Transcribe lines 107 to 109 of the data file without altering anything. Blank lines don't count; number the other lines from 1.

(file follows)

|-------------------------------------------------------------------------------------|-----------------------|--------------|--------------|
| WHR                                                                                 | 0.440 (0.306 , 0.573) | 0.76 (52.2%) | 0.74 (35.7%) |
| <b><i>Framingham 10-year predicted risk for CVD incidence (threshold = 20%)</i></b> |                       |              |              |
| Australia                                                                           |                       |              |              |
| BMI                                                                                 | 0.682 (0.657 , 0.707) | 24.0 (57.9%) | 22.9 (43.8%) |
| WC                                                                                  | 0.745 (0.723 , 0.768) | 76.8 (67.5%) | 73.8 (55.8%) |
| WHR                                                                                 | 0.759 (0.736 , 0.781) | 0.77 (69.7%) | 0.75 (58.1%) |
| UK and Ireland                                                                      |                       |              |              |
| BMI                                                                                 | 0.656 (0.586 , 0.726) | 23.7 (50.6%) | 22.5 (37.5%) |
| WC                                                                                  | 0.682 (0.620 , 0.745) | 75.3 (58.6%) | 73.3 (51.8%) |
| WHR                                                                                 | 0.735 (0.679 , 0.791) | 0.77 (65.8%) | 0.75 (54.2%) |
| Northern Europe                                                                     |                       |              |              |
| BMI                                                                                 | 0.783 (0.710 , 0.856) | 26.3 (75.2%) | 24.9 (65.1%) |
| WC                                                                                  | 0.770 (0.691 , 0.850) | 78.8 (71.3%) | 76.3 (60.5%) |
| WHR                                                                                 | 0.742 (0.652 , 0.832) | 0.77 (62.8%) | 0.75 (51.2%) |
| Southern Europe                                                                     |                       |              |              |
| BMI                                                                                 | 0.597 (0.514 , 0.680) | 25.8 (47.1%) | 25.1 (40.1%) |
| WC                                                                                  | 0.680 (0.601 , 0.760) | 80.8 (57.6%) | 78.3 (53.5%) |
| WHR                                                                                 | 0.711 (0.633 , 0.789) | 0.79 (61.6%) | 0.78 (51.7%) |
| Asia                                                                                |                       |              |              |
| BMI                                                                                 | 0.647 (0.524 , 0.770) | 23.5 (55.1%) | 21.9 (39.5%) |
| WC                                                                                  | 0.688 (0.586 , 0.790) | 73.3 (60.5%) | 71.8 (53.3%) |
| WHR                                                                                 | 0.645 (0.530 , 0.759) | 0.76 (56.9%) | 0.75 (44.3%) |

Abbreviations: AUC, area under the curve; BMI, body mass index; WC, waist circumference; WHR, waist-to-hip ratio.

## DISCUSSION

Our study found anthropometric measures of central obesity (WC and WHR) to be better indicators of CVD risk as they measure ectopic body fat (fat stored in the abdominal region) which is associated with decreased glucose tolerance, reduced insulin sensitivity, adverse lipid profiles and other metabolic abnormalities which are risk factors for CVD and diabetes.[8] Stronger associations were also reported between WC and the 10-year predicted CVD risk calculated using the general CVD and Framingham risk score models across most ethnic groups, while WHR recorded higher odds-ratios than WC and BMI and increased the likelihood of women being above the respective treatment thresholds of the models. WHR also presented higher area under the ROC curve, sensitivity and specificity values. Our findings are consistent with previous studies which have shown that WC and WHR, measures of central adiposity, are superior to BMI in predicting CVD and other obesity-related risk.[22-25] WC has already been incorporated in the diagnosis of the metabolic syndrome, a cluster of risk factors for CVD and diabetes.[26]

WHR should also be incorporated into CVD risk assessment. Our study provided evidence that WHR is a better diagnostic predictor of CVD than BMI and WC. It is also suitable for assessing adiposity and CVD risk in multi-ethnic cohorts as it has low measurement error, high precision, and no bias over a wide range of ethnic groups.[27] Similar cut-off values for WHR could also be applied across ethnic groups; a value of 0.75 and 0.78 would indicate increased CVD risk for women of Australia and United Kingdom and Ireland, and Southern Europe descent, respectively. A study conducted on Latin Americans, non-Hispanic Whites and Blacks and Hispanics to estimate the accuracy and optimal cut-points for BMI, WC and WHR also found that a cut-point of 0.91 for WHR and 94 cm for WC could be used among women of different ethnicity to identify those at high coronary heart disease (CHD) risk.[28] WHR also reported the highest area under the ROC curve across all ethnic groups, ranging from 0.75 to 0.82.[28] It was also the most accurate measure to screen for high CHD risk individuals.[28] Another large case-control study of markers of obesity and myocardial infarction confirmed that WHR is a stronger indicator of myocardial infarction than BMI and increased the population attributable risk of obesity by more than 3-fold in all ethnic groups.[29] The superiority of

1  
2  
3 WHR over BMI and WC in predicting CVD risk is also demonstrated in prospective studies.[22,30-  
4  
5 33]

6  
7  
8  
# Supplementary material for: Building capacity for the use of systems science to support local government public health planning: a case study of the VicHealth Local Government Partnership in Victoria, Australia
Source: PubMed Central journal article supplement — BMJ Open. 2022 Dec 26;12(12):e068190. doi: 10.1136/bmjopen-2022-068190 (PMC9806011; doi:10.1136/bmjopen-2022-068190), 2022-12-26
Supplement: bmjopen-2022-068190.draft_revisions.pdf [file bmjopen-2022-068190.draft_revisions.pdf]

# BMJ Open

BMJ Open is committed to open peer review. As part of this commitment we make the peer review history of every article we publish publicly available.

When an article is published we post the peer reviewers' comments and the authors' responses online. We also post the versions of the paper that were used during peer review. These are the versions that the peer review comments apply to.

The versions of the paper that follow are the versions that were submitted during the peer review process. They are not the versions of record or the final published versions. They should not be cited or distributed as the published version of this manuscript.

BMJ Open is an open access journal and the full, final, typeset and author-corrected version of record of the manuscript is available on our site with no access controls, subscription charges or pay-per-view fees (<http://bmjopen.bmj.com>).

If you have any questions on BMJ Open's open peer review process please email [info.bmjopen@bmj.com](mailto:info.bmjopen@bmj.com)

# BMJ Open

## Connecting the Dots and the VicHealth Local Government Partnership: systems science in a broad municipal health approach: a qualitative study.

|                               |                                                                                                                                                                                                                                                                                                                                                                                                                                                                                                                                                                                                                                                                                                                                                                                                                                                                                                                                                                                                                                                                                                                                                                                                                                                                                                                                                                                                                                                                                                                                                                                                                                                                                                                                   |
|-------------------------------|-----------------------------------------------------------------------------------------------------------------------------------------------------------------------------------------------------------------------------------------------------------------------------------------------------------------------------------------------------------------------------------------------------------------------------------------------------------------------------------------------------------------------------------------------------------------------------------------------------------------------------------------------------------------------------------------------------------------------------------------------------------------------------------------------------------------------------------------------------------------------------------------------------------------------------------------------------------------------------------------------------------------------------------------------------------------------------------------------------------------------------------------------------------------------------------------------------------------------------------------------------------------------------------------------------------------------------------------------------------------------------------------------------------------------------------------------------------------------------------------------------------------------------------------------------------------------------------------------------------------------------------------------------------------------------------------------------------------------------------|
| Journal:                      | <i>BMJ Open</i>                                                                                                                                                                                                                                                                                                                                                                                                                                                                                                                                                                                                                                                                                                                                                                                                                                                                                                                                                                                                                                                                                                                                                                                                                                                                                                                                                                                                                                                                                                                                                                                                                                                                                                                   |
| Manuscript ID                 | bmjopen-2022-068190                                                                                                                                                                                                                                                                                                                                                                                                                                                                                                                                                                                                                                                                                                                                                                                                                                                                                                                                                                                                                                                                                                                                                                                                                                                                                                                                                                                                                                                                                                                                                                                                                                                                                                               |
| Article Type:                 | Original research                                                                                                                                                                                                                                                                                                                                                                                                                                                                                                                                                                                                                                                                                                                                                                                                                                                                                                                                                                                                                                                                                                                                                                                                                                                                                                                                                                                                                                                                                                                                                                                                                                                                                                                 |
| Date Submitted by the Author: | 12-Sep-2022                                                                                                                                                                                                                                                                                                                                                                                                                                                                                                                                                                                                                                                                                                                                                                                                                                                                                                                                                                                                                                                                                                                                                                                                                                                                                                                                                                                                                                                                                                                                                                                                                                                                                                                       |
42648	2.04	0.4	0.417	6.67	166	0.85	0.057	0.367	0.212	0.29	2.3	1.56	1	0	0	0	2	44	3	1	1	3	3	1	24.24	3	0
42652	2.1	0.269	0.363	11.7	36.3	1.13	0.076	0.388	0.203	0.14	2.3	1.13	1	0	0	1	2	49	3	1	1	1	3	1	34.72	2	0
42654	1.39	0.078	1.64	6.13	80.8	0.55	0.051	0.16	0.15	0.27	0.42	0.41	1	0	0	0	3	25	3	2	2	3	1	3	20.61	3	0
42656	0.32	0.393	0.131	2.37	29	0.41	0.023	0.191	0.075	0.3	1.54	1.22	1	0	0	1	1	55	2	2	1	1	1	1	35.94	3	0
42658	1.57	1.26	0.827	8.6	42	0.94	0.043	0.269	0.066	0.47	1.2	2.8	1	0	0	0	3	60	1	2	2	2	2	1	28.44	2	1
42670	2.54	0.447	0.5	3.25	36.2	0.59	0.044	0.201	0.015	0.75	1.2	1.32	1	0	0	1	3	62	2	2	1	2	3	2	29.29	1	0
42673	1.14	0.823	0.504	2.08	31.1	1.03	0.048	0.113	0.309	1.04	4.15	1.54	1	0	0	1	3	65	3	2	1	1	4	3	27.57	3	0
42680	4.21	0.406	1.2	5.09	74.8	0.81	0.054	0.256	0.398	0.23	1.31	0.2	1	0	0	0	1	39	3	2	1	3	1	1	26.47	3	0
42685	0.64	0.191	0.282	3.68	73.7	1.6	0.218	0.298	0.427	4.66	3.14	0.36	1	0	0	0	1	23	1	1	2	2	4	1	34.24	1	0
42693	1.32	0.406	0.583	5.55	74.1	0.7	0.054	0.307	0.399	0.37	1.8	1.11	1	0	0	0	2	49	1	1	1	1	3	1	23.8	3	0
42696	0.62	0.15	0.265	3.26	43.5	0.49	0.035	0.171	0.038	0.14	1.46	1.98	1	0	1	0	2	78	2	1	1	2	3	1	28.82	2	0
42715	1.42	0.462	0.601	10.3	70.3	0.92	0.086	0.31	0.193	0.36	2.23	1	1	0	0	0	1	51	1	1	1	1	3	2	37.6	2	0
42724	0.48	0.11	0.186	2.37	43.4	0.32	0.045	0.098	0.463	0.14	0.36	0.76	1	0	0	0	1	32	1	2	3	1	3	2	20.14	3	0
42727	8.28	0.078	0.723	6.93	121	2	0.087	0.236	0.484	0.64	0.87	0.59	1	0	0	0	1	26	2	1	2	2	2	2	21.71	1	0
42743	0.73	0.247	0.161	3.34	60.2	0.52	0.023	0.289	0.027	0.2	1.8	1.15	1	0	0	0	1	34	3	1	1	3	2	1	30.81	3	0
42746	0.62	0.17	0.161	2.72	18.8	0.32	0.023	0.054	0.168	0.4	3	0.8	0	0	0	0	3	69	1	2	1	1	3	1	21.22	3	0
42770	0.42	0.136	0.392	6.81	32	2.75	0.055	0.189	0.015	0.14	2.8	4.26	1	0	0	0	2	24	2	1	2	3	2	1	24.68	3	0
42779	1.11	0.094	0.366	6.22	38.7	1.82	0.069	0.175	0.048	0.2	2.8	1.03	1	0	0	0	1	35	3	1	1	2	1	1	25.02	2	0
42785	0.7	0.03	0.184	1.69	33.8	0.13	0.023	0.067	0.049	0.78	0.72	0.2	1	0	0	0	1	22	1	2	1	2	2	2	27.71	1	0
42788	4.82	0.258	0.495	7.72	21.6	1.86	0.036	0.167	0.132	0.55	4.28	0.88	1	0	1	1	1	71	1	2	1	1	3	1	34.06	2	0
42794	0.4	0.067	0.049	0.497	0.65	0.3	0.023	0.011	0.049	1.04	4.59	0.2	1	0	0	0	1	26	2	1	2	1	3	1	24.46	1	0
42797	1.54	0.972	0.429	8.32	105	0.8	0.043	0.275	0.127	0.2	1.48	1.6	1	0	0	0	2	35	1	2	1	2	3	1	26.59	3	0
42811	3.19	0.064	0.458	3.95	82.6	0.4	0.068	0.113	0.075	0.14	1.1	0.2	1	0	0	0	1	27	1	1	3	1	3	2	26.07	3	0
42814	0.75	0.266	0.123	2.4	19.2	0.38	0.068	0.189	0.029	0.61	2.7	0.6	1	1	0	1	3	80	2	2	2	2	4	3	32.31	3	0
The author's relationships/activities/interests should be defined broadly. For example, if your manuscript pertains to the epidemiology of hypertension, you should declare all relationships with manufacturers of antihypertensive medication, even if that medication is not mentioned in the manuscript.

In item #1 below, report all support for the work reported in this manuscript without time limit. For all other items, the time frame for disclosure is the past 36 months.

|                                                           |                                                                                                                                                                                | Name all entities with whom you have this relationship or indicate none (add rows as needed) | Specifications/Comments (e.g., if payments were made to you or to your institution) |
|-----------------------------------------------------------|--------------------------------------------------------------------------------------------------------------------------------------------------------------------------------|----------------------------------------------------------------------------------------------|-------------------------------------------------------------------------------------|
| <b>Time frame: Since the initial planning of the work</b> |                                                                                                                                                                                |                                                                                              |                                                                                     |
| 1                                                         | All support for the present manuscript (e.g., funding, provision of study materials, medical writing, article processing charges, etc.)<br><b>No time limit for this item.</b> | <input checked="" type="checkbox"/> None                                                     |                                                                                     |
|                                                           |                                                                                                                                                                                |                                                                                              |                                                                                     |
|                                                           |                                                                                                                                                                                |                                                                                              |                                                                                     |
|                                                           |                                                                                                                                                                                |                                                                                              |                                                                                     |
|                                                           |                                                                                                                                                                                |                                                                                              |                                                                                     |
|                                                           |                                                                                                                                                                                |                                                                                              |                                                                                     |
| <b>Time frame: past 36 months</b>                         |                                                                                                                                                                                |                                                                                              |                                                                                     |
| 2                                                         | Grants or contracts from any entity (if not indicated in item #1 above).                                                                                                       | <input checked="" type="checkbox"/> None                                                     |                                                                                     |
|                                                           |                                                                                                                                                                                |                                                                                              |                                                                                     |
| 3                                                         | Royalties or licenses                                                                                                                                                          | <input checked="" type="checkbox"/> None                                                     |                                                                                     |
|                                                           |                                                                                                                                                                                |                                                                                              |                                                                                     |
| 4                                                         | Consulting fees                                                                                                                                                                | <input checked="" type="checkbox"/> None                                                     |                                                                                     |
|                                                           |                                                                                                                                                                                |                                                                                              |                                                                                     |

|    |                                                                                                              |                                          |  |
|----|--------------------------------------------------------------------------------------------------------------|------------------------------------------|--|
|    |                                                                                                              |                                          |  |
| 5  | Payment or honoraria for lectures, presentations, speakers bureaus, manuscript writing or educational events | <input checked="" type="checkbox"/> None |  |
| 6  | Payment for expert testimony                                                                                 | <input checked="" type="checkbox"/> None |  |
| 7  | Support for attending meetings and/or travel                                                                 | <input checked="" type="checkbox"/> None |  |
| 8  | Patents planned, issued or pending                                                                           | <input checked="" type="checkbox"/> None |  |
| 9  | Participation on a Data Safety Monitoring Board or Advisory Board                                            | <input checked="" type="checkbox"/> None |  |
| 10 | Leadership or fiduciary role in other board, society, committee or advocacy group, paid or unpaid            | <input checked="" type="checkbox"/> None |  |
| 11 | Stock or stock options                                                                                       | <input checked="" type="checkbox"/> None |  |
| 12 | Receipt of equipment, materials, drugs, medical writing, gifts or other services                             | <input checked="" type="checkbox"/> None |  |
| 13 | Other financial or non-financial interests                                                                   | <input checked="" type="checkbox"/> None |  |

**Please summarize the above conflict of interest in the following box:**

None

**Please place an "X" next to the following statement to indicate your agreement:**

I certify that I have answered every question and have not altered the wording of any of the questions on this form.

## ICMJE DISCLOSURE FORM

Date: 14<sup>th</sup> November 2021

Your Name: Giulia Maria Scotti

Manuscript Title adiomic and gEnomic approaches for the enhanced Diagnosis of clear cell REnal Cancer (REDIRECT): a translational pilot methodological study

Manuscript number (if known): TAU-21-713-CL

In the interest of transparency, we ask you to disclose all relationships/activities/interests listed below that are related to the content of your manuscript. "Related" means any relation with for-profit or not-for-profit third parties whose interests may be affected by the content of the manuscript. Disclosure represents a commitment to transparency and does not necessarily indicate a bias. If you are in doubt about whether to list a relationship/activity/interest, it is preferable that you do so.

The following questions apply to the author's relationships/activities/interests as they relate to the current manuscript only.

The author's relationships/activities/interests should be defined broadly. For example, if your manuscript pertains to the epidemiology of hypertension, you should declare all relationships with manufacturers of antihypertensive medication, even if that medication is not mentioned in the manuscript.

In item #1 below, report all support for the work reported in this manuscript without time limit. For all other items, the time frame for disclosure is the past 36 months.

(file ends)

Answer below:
**Please summarize the above conflict of interest in the following box:**

None

**Please place an "X" next to the following statement to indicate your agreement:**